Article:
3. Hope was one of the things I’ve struggled with. How can a believer struggle with hope when hope is an outcome of our faith? If you have faith, you have hope – right? So my thoughts went round and round when I failed to attain it, when hope was more shadowy than a rock solid foundation. I sensed that God was waiting for me though, telling me that my story wasn’t finished yet. Hope is God’s hand held onto mine. Even when I couldn’t hold onto him.

    Thank you for this post, the honesty. It has given me much to think on. How can I reach out to those who are struggling to hold onto hope? I’ll be looking for the nudgings and the oppertunities.

  4. Thank you so much for your blog. I feel so fortunate you found me & commented on my blog because I’ve been searching for more information on coping with grief. Your words are helping me learn and heal, and I have no doubt it means the same to others who land here. Thank you thank you thank you! ~Kristina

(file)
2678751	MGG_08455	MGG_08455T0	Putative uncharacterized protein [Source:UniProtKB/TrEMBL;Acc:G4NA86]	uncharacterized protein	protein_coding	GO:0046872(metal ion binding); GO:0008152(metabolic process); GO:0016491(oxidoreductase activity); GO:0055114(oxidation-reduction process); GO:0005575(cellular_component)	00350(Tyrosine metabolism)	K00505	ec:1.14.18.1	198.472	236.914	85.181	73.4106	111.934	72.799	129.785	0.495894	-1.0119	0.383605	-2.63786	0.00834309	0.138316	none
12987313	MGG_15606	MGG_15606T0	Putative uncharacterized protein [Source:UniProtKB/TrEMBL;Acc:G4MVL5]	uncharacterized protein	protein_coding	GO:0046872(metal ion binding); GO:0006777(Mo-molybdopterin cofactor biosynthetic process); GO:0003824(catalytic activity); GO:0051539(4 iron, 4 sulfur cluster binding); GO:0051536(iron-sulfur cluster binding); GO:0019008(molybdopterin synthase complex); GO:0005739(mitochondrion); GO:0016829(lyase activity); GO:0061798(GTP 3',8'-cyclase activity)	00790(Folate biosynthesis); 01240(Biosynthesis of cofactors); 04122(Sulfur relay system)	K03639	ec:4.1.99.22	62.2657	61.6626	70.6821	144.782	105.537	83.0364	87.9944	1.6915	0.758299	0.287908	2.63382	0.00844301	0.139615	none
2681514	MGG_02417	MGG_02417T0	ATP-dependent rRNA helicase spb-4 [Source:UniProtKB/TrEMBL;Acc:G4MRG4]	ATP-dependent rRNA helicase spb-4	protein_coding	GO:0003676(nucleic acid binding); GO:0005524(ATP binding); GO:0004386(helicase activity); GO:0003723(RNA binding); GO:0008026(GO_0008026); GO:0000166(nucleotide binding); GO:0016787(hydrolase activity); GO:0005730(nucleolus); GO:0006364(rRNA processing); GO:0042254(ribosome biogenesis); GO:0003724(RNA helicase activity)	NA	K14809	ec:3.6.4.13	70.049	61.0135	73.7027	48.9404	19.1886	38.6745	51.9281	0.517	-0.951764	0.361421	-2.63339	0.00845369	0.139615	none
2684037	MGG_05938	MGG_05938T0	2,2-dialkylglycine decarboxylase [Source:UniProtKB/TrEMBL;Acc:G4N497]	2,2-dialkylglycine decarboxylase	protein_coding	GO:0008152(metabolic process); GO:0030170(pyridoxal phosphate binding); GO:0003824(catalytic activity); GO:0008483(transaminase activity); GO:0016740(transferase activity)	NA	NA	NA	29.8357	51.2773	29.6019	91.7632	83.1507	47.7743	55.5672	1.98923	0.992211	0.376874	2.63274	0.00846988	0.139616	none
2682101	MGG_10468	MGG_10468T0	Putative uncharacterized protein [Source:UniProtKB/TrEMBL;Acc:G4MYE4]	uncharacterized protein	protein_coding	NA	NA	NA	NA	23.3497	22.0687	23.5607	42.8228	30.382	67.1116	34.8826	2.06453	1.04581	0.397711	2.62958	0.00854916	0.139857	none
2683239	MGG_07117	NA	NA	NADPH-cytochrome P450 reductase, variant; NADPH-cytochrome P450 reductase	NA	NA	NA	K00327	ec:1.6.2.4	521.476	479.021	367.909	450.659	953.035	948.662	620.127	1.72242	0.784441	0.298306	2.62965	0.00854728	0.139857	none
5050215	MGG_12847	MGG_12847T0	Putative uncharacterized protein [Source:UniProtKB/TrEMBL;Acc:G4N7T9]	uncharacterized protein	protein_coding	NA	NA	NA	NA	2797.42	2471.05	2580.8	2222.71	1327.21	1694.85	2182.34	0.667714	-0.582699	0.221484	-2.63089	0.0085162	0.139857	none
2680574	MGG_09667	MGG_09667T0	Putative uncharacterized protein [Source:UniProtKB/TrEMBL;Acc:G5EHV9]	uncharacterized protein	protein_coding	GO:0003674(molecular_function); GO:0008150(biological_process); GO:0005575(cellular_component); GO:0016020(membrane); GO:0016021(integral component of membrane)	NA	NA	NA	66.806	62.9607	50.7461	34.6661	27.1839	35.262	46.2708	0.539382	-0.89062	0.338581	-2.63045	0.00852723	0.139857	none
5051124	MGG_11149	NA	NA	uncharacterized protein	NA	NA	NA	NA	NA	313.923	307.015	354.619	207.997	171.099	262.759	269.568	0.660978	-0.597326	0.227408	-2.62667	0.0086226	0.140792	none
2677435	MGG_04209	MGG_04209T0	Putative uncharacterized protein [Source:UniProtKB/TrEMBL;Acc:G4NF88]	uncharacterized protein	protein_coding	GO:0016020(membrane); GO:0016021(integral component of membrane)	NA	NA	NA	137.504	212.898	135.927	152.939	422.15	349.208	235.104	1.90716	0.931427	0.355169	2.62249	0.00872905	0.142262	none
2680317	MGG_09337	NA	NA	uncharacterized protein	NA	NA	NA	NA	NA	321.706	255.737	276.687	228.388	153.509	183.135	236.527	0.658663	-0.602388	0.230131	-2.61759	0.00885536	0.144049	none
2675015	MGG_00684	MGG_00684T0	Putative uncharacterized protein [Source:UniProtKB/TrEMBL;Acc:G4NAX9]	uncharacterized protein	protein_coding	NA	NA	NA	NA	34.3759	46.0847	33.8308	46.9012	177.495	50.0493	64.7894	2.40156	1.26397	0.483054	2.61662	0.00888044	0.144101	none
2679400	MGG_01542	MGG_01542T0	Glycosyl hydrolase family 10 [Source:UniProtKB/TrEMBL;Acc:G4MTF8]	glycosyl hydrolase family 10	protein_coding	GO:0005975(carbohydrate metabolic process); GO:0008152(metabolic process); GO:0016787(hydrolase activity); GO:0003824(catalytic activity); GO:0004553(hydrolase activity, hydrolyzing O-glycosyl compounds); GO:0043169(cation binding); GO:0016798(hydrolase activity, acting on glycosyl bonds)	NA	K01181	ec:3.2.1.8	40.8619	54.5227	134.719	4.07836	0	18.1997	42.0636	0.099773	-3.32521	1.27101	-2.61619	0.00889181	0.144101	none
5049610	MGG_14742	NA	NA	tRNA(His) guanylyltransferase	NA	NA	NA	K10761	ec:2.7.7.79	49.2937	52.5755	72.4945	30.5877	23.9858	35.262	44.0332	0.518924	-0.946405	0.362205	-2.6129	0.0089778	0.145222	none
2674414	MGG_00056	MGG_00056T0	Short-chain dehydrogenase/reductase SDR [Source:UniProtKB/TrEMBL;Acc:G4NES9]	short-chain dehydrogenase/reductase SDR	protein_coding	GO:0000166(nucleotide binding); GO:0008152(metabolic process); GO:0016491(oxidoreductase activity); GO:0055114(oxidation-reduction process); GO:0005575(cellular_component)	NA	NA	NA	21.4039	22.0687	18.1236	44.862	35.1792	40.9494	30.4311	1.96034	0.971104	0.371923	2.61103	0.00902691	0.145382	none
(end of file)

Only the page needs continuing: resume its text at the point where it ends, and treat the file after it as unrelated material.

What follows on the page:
5. I stumbled upon this post looking for something else and its like God directed me here. I am reaching out, but not exactly.. I need something, but I’m not sure what. I’ve been getting deeper into depression. I believe it may be because I’m trying to find my way back to God and read the Bible.. an attack of sorts. But, I’ve always been depressed.. I was looking for a post from a girl I started following so I could try to contact her because she battles depression, too.. and I need to talk. I just thought I would suggest a song to you.. Ginny Owens “If You Want Me To”.. God bless.

  6. I especially like your comment – “Reach out to others. You may be surprised who reaches back.” I am consistently surprised by how the exact answers seem to appear in the most unlikely of circumstances when you decide to reach out with transparency. It’s not easy, especially if you are the kind of person that is naturally private, or prefers to stay away from others when experiencing pain – but we all universally share the same emotions, and answers can sometimes be questions.